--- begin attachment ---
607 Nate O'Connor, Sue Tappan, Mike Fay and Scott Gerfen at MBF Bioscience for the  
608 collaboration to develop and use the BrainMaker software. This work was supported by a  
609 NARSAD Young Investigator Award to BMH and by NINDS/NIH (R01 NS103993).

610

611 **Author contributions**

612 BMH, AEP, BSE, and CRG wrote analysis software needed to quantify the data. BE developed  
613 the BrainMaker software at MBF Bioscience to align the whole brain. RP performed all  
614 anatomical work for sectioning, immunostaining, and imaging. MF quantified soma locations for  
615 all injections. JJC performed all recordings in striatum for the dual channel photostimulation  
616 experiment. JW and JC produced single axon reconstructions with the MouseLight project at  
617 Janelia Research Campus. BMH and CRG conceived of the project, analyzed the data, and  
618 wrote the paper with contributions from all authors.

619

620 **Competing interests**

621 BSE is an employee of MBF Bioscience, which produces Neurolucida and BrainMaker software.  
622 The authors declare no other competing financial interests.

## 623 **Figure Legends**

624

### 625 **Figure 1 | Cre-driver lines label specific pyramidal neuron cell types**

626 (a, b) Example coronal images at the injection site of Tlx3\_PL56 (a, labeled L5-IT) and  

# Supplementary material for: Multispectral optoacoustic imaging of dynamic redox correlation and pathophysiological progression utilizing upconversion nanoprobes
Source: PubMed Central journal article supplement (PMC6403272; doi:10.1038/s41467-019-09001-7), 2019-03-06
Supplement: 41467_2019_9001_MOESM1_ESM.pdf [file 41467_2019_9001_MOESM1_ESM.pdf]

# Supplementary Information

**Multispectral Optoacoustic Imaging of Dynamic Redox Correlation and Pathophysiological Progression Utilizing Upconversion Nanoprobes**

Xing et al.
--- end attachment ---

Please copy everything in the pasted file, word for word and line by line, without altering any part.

607 Nate O'Connor, Sue Tappan, Mike Fay and Scott Gerfen at MBF Bioscience for the  
608 collaboration to develop and use the BrainMaker software. This work was supported by a  
609 NARSAD Young Investigator Award to BMH and by NINDS/NIH (R01 NS103993).

610

611 **Author contributions**

612 BMH, AEP, BSE, and CRG wrote analysis software needed to quantify the data. BE developed  
613 the BrainMaker software at MBF Bioscience to align the whole brain. RP performed all  
614 anatomical work for sectioning, immunostaining, and imaging. MF quantified soma locations for  
615 all injections. JJC performed all recordings in striatum for the dual channel photostimulation  
616 experiment. JW and JC produced single axon reconstructions with the MouseLight project at  
617 Janelia Research Campus. BMH and CRG conceived of the project, analyzed the data, and  
618 wrote the paper with contributions from all authors.

619

620 **Competing interests**

621 BSE is an employee of MBF Bioscience, which produces Neurolucida and BrainMaker software.  
622 The authors declare no other competing financial interests.

## 623 **Figure Legends**

624

### 625 **Figure 1 | Cre-driver lines label specific pyramidal neuron cell types**

626 (a, b) Example coronal images at the injection site of Tlx3\_PL56 (a, labeled L5-IT) and  

# Supplementary material for: Multispectral optoacoustic imaging of dynamic redox correlation and pathophysiological progression utilizing upconversion nanoprobes
Source: PubMed Central journal article supplement (PMC6403272; doi:10.1038/s41467-019-09001-7), 2019-03-06
Supplement: 41467_2019_9001_MOESM1_ESM.pdf [file 41467_2019_9001_MOESM1_ESM.pdf]

# Supplementary Information

**Multispectral Optoacoustic Imaging of Dynamic Redox Correlation and Pathophysiological Progression Utilizing Upconversion Nanoprobes**

Xing et al.